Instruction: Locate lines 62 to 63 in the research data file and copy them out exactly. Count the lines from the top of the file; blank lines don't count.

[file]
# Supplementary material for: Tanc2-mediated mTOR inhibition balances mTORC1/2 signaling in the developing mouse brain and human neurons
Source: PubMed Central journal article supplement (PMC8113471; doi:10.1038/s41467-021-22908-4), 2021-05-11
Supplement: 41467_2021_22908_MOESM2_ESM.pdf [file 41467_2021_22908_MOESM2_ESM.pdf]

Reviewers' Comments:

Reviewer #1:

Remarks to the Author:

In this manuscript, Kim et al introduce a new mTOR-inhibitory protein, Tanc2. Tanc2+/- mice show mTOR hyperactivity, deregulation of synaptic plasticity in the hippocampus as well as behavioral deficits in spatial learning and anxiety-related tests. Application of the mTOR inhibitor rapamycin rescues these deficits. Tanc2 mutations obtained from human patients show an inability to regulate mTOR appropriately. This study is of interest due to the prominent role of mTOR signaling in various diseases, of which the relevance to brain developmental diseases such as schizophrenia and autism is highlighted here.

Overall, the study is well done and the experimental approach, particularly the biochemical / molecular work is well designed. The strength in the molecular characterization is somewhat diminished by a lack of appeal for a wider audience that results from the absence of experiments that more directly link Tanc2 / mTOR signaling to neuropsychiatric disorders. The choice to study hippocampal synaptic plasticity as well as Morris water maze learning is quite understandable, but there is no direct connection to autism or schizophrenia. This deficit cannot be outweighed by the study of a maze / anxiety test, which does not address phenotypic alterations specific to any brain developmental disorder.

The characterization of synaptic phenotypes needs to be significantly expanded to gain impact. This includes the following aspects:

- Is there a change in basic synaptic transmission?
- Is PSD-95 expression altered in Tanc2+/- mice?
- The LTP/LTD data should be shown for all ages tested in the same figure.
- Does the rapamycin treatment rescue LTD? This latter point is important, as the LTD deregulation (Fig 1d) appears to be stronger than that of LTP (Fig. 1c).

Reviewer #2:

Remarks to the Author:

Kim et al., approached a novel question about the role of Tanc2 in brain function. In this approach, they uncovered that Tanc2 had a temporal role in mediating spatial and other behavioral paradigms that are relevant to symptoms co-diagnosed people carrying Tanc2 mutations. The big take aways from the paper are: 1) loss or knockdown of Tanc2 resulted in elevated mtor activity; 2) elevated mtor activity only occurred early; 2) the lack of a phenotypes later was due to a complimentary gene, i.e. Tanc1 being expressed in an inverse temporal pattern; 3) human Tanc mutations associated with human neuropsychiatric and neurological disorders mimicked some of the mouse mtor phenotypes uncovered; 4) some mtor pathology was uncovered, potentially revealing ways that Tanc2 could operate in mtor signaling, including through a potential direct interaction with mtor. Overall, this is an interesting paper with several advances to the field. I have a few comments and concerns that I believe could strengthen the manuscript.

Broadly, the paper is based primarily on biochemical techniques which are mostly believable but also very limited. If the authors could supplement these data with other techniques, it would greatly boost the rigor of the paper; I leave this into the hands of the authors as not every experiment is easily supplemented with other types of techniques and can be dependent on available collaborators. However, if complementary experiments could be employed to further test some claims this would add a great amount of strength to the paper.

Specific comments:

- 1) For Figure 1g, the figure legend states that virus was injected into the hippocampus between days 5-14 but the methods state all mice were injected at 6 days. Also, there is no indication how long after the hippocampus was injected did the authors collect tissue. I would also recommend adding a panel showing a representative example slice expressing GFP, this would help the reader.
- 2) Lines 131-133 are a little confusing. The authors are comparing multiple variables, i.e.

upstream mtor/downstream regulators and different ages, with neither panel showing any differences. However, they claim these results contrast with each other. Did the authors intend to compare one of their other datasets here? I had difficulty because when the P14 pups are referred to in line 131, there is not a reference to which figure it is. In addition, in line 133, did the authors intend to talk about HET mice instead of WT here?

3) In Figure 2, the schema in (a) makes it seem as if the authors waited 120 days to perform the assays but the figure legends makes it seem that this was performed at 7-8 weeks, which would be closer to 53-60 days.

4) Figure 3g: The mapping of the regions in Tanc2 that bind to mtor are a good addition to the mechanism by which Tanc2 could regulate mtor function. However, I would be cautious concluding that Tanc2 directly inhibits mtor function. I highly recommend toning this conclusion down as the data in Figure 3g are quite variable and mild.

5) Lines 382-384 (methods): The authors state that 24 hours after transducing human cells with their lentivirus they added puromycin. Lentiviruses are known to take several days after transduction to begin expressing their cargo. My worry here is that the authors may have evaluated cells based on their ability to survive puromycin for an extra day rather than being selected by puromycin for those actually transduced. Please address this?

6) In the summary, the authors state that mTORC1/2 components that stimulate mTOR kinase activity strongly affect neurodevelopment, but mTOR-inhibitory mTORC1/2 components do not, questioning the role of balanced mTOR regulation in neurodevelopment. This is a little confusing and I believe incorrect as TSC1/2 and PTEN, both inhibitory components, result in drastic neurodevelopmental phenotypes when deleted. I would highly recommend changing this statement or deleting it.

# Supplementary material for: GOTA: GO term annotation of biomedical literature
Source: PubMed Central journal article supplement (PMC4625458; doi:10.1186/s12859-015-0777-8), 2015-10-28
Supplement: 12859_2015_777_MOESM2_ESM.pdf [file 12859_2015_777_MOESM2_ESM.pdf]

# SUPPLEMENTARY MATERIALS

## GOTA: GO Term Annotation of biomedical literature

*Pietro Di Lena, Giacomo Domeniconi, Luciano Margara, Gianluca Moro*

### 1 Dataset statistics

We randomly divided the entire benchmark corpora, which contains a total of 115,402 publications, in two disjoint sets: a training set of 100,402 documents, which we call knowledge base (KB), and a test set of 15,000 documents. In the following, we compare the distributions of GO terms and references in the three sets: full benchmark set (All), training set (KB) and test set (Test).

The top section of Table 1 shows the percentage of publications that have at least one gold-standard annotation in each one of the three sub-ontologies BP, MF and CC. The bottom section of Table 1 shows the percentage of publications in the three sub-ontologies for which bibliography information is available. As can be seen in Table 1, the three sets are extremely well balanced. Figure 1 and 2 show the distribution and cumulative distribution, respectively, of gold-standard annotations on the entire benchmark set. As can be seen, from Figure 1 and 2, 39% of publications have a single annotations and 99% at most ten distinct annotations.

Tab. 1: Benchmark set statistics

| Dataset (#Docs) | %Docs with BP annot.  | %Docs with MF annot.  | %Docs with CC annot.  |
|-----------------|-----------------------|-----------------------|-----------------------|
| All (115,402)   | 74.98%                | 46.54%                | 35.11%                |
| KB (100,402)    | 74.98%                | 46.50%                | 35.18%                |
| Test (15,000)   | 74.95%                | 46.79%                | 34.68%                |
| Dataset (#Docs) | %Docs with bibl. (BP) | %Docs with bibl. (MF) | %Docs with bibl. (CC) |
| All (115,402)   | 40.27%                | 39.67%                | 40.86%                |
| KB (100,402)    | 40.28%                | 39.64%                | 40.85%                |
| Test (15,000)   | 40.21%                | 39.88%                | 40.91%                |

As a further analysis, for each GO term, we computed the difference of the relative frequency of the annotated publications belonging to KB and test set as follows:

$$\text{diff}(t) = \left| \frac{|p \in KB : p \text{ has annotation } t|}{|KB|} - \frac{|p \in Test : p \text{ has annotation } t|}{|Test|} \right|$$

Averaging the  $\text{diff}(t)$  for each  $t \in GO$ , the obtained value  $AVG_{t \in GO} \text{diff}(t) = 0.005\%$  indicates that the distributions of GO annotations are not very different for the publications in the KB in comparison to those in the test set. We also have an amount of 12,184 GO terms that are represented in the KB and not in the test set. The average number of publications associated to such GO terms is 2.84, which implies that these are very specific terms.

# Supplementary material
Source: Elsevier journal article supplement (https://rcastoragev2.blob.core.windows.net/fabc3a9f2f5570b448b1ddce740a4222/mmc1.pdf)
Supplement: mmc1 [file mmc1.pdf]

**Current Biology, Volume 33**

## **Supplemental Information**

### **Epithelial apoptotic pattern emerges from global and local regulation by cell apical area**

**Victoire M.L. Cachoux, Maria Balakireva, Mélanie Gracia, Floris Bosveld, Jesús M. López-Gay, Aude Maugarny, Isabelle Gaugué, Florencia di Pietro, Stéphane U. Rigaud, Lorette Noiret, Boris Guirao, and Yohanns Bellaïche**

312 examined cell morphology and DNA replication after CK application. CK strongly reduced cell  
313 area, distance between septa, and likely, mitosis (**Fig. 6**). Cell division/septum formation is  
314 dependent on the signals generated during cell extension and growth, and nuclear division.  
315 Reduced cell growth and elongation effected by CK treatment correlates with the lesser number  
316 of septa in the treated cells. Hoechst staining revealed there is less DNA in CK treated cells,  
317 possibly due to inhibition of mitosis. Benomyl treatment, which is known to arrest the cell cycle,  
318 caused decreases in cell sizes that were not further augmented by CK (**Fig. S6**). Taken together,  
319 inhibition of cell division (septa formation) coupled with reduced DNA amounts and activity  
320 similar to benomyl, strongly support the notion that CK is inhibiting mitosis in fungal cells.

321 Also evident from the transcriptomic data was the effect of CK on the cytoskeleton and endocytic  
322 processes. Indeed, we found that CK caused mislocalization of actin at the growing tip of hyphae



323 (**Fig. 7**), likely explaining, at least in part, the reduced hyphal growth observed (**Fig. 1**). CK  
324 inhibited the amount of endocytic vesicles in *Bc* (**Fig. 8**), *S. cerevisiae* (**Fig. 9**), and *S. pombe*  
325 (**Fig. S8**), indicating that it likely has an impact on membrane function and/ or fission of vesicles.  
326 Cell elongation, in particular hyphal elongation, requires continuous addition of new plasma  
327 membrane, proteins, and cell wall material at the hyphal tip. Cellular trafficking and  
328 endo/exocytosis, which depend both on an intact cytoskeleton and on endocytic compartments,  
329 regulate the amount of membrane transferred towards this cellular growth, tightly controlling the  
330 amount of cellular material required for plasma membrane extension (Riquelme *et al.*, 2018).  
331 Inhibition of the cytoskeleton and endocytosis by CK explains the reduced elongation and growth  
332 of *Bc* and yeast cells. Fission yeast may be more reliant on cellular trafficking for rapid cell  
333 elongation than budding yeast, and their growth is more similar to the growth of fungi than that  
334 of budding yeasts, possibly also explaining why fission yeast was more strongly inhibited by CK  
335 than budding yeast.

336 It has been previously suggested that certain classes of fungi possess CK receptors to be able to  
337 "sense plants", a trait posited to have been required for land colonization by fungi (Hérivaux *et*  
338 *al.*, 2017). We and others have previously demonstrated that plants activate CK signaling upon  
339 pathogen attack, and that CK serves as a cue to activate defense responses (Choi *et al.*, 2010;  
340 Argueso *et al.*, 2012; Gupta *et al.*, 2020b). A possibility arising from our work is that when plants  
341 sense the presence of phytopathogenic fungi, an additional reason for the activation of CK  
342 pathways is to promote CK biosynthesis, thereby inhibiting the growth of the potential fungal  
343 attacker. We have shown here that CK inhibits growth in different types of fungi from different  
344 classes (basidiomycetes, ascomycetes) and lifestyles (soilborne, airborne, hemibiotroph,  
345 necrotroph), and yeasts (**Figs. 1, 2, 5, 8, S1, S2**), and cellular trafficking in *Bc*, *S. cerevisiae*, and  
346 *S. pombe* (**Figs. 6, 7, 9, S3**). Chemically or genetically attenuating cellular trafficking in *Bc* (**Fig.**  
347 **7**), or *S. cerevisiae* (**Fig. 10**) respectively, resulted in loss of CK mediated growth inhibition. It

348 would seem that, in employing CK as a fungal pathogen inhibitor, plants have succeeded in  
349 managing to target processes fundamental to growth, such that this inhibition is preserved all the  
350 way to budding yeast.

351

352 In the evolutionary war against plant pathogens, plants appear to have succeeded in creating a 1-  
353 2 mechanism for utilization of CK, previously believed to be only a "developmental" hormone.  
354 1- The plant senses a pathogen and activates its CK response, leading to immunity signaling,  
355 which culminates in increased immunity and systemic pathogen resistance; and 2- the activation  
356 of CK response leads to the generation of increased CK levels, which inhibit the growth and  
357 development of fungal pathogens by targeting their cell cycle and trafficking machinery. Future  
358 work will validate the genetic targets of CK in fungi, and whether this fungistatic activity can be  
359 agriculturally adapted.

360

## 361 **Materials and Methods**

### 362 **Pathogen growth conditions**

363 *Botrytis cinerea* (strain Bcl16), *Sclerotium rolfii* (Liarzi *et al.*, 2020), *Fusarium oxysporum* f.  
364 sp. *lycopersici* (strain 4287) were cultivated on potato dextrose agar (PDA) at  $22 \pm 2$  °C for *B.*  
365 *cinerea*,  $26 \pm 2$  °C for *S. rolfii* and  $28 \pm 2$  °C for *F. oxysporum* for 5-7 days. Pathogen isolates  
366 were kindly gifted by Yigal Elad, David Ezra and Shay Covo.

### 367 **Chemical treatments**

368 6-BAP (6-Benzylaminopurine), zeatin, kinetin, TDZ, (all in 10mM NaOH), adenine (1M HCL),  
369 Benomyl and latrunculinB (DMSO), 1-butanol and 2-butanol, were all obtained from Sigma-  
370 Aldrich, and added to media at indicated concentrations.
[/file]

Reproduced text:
319 inhibition of cell division (septa formation) coupled with reduced DNA amounts and activity  
320 similar to benomyl, strongly support the notion that CK is inhibiting mitosis in fungal cells.